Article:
Sulfenic acid

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While sulfenic acids have the potential of exhibiting tautomerism, spectroscopic measurements as well as theoretical studies indicate that the structure on the left predominates almost exclusively.

A sulfenic acid is an organosulfur compound and oxoacid with the general formula RSOH, where R ≠ H. It is the first member of the family of organosulfur oxoacids, which also include sulfinic acids and sulfonic acids, RSO2H and RSO3H, respectively.


In contrast to sulfinic and sulfonic acids, simple sulfenic acids, such as methanesulfenic acid, CH3SOH, are highly reactive and cannot be isolated in solution. In the gas phase the lifetime of methanesulfenic acid is about one minute. The gas phase structure of methanesulfenic acid was found by microwave spectroscopy (rotational spectroscopy) to be CH3–S–O–H.[1] Sulfenic acids can be stabilized through steric effects, which prevent the sulfenic acid from condensing with itself to form thiosulfinates, RS(O)SR, such as allicin from garlic. Through the use of X-ray crystallography, the structure of such stabilized sulfenic acids were shown to be R–S–O–H.[2][3] The stable, sterically hindered sulfenic acid, 1-triptycenesulfenic acid, has been found to have a pKa of 12.5 and an O–H bond-dissociation energy (bde) of 71.9 ± 0.3 kcal/mol, which can be compared to a pKa of ≥14 and O–H BDE of ∼88 kcal/mol for the (valence) isoelectronic hydroperoxides, ROOH.[4]

Formation and occurrence[edit]

In nature[edit]

Sulfenic acids are produced by the enzymatic decomposition of alliin and related compounds following tissue damage to garlic, onions, and other plants of the Allium genus. 1-Propenesulfenic acid, formed when onions are cut, is rapidly rearranged by a second enzyme, the lachrymatory factor synthase, giving syn-propanethial-S-oxide.[5] 2-Propenesulfenic acid, formed from allicin, is thought to be responsible for garlic’s potent antioxidant activity.[6] Mass spectrometry with a DART ion source were used to identify 2-propenesulfenic formed when garlic is cut or crushed and to demonstrate that this sulfenic acid has a lifetime of less than one second.[7] The pharmacological activity of certain drugs, such as omeprazole, esomeprazole, ticlopidine, clopidogrel, and prasugrel is proposed to involve sulfenic acid intermediates.[8] Oxidation of cysteine residues in protein to the corresponding protein sulfenic acids is suggested to be important in redox-mediated signal transduction.[9][10]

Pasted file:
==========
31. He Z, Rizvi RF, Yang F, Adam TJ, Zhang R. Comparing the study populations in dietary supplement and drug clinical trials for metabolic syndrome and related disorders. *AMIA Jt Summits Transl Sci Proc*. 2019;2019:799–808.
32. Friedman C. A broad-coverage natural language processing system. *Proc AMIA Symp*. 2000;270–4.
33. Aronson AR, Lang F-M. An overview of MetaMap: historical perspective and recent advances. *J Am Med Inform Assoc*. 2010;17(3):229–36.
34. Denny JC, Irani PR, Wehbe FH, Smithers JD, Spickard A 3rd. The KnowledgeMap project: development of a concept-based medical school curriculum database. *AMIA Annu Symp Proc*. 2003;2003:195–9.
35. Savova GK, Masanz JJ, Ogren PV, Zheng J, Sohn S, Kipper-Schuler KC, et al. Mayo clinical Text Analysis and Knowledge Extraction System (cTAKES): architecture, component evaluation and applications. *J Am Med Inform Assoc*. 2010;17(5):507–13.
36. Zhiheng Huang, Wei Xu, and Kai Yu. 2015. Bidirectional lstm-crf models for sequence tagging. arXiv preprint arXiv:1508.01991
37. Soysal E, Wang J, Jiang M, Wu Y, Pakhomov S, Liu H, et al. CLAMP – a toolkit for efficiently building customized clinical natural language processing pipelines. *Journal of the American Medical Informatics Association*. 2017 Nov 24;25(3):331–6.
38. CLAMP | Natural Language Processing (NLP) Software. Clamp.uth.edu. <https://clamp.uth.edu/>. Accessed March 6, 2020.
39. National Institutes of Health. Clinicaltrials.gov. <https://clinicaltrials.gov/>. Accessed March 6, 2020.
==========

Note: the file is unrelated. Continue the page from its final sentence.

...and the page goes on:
Organic chemistry[edit]

The conversion of certain sulfoxides to alkenes proceeds via the elimination of sulfenic acid:[11]


Other sulfenyl compounds[edit]

The prefix sulfenyl in organic nomenclature denotes the RS group (R≠H). One example is methanesulfenyl chloride is CH3SCl.[12] Sulfenate esters, which have the formula RSOR', are intermediates in the Mislow-Evans rearrangement of allyl sulfoxides.[11] Sulfenamides have the formula RSNR'2.

Cyclohexylthiophthalimide is an example of a sulfenamide, yet another derivative of sulfenic acid.


  1. ^ Penn RE, Block E, Revelle LK (1978). "Methanesulfenic Acid". Journal of the American Chemical Society 100 (11): 3622–3624. doi:10.1021/ja00479a068. 
  2. ^ Goto K, Holler M, Okazaki R (1997). "Synthesis, Structure, and Reactions of a Sulfenic Acid Bearing a Novel Bowl-Type Substituent: The First Synthesis of a Stable Sulfenic Acid by Direct Oxidation of a Thiol". Journal of the American Chemical Society 119 (6): 1460–1461. doi:10.1021/ja962994s. 
  3. ^ Ishii A, Komiya K, Nakayama J (1996). "Synthesis of a Stable Sulfenic Acid by Oxidation of a Sterically Hindered Thiol (Thiophenetriptycene-8-thiol)1 and Its Characterization". Journal of the American Chemical Society 118 (50): 12836–12837. doi:10.1021/ja962995k. 
  4. ^ McGrath AJ, Garrett GE, Valgimigli L, Pratt DA (2010). "The redox chemistry of sulfenic acids". Journal of the American Chemical Society 132 (47): 16759–16761. doi:10.1021/ja1083046. 
  5. ^ Block, E. (2010). Garlic and Other Alliums: The Lore and the Science. Royal Society of Chemistry. ISBN 0-85404-190-7. 
  6. ^ Vaidya V, Ingold KU, Pratt DA (2009). "Garlic: Source of the Ultimate Antioxidants – Sulfenic Acids". Angewandte Chemie 121 (1): 163–6. doi:10.1002/ange.200804560. PMID 19040240. 
  7. ^ Block E, Dane AJ, Thomas S, Cody RB (2010). "Applications of Direct Analysis in Real Time–Mass Spectrometry (DART-MS) in Allium Chemistry. 2-Propenesulfenic and 2-Propenesulfinic Acids, Diallyl Trisulfane S-Oxide and Other Reactive Sulfur Compounds from Crushed Garlic and Other Alliums". Journal of Agricultural and Food Chemistry 58 (8): 4617–4625. doi:10.1021/jf1000106. PMID 20225897. 
  8. ^ Mansuy D, Dansette PM (2011). "Sulfenic acids as reactive intermediates in xenobiotic metabolism". Archives of Biochemistry and Biophysics 507 (1): 174–185. doi:10.1016/ PMID 20869346. 
  9. ^ Kettenhofen, NJ, Wood, MJ (2010). "Formation, Reactivity, and Detection of Protein Sulfenic Acids". Chem. Res. Toxicol. 23 (11): 1633–1646. doi:10.1021/tx100237w. 
  10. ^ Gupta, Vinayak; Kate S. Carroll (February 2014). "Sulfenic acid chemistry, detection and cellular lifetime". Biochimica et Biophysica Acta (BBA) - General Subjects 1840 (2): 847–875. doi:10.1016/j.bbagen.2013.05.040. 
  11. ^ a b Braverman, S., "Rearrangements involving sulfenic acids and their derivatives," in Sulfenic Acids and Derivatives, 1990, John Wiley & Sons. doi:10.1002/9780470772287.ch8
  12. ^ IUPAC Gold Book